Gardening and Horticulture
With spring just around the corner, GW is back for a new series. As usual, Monty will be at Longmeadow sharing a wealth of tips and ideas on how to keep your garden looking good all year long. In this episode, he tackles some urgent pruning and reveals some of the projects he's got in store over the coming months.
This year, Carol Klein will be visiting some of the nation's greatest gardens to find out why their beautiful borders work so well. Her tour starts at RHS Wisley in Surrey, where she takes a closer look at their glorious winter garden.
Joe Swift has the first of his three design masterclasses on how to make the most of a small town garden. And we travel to the Cape in South Africa to learn more about the geraniums we love to grow in our pots and hanging baskets.
1. Take pelargonium cuttingsPelagoniums take very easily as cuttings, as long as you observe a couple of rules. The first is to have a very free-draining compost. Prepare the cutting so they are about 8-10cm long and remove all foliage except one or two leaves. Insert them around the edge of the pot. The second rule is not to over water the cuttings but keep the compost only slightly damp. If the compost become too wet there’s a risk of the cutting succumbing to rot before they strike. Put them somewhere warm and bright they should take in about 3 or 4 weeks.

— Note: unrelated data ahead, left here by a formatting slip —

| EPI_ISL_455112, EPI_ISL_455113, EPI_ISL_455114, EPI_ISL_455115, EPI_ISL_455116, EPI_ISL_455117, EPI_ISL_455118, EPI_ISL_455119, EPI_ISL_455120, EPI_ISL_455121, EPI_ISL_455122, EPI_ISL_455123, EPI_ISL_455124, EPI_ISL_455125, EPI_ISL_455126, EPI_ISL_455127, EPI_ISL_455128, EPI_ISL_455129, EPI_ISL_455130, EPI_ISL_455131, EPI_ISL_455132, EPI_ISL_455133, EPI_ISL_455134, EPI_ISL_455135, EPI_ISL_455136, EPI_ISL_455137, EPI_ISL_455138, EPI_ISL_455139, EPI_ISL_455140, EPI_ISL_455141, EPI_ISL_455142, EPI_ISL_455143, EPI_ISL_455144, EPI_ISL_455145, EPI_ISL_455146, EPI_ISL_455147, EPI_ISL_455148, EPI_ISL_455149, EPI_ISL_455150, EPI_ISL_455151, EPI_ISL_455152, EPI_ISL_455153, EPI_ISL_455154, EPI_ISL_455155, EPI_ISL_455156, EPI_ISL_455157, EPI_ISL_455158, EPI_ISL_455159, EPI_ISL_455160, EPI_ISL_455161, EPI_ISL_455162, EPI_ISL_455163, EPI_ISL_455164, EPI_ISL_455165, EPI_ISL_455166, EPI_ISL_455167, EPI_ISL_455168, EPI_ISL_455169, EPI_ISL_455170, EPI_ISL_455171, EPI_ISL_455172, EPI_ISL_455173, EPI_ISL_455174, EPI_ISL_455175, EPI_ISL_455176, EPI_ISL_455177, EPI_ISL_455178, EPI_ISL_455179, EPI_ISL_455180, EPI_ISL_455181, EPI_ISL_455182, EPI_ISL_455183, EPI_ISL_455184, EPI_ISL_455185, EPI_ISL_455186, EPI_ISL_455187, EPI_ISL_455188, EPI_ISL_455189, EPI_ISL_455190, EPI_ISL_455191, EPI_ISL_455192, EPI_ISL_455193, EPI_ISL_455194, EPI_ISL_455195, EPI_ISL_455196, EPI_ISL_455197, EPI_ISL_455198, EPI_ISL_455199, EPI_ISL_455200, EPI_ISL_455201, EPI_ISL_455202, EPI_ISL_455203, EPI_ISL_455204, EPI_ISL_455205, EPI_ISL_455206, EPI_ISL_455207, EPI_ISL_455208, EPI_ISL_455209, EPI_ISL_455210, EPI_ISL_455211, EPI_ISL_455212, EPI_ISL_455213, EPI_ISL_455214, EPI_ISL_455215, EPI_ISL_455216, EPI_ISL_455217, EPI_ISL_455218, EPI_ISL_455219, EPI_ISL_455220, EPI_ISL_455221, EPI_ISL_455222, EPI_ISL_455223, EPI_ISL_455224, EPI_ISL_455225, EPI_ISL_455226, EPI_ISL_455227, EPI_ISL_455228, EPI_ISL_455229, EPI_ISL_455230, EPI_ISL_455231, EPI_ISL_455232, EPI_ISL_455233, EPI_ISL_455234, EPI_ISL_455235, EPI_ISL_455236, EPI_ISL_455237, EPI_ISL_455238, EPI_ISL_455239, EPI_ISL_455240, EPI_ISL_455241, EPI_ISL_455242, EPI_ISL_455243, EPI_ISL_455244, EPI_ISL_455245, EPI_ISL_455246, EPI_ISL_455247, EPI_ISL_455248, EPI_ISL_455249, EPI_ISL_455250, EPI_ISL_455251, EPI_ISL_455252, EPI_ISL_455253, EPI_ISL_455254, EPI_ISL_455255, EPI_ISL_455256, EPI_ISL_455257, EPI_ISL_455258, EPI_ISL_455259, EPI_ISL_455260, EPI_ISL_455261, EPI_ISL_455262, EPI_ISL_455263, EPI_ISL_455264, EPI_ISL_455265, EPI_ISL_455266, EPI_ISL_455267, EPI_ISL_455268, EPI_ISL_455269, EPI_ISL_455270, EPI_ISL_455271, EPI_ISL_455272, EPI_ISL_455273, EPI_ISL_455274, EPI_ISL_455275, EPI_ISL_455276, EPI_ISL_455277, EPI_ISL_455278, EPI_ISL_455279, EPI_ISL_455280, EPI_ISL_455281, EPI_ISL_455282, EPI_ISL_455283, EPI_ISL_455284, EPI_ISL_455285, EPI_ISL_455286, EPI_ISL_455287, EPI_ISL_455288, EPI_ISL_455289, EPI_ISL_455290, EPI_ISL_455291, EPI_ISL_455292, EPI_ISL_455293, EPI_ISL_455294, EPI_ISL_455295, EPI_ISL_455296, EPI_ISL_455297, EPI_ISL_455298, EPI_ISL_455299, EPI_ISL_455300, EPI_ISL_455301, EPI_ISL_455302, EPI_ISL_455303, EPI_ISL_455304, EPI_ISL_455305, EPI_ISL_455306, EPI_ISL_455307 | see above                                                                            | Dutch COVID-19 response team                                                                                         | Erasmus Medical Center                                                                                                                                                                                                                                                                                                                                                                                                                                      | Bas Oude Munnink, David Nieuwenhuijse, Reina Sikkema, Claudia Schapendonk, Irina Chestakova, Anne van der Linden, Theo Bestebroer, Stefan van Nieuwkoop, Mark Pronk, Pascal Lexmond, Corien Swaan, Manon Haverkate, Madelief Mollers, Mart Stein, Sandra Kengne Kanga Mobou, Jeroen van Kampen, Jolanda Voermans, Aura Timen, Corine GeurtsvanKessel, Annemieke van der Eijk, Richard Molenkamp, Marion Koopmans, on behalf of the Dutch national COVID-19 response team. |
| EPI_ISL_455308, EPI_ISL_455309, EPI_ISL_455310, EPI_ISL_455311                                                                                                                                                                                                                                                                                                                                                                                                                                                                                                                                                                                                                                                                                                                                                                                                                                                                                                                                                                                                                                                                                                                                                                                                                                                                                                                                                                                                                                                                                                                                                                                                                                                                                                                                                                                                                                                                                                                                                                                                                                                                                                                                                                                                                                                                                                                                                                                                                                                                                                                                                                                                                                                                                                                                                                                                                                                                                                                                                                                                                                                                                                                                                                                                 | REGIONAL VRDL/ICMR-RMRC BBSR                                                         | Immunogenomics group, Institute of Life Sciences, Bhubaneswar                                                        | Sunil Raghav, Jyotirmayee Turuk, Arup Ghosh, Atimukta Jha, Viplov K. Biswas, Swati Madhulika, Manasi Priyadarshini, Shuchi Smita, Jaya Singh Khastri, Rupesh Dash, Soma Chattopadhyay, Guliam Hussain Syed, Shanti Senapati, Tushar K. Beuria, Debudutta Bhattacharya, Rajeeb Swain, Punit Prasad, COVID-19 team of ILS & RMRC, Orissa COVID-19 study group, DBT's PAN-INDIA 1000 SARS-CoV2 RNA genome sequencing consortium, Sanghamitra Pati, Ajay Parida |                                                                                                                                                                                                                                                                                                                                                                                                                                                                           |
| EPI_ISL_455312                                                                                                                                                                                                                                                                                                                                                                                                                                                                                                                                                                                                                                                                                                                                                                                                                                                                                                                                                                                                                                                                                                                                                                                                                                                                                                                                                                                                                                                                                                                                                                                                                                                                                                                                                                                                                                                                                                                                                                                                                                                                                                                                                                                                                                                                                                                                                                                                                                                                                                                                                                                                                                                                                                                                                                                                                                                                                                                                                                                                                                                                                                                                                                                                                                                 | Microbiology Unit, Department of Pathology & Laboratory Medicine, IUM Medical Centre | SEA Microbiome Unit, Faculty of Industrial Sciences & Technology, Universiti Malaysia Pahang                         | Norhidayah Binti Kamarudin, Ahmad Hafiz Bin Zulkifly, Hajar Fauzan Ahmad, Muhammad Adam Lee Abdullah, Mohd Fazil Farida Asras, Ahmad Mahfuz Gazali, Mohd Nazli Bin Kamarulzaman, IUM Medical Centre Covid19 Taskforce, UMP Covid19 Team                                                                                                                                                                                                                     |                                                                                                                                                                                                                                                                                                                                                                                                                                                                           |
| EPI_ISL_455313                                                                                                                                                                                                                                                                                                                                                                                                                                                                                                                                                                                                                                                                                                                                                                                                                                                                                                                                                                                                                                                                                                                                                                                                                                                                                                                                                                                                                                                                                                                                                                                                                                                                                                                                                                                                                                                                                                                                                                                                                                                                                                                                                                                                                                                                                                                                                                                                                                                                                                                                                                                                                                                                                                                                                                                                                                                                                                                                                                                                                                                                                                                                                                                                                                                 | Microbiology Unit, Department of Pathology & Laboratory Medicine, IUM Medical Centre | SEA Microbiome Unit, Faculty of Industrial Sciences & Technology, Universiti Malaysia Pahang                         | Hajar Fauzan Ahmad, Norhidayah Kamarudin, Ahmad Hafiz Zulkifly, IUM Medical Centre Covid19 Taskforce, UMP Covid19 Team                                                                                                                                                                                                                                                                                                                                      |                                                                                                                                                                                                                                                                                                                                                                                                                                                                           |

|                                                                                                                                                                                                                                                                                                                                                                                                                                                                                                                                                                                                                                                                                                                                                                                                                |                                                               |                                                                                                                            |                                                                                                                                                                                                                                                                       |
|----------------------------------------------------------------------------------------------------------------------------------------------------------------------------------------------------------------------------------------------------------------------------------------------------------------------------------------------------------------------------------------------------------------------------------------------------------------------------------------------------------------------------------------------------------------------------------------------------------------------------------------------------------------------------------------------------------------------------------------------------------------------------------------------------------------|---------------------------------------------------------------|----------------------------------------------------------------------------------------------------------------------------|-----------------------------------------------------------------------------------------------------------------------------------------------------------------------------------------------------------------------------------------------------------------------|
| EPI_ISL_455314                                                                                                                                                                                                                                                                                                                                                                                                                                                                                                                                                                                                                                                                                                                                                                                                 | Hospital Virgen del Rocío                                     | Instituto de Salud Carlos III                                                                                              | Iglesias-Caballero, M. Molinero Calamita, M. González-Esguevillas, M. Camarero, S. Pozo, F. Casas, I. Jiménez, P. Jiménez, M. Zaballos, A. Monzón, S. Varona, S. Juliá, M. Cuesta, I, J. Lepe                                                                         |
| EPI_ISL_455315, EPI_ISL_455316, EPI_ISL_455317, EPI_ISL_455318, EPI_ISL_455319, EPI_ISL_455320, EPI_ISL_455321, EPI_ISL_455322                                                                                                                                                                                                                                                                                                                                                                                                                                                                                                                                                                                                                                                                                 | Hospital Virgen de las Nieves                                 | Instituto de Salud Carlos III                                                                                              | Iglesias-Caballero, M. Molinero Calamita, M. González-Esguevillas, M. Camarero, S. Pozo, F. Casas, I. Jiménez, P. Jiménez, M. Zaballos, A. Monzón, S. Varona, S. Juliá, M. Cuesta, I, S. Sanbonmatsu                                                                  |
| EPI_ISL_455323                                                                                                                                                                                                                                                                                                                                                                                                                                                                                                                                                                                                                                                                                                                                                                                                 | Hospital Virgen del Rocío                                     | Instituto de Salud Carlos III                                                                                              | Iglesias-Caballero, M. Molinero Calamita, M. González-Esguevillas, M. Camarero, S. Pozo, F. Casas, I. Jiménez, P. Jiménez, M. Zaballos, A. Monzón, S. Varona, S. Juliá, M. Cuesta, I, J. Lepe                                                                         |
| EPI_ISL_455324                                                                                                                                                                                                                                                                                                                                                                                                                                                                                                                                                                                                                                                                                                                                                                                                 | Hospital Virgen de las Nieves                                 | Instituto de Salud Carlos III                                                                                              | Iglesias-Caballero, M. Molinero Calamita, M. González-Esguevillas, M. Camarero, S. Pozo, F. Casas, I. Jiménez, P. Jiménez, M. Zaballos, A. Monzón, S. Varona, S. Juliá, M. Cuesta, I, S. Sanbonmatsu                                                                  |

2.Chit potatoesChitting seed potatoes is simple but important if you want an early crop of new potatoes - that's first or second early varieties. Simply place the seed potatoes on a seed tray or egg boxes and put them somewhere frost-free and light, and over the next few weeks they will develop green stubby shoots that will spring into action once they’re planted.
3.Prune autumn-fruiting raspberriesIf you haven’t done so already, it's time now to prune your autumn fruiting raspberries. These produce their fruit on the current season's growth so take away all of last year's canes; cutting hard right down to the ground. When you’ve finished, give them a thick mulch to keep them free of weeds and help the roots stay moist in dry spells.
|Gardening and Horticulture 01- 2015|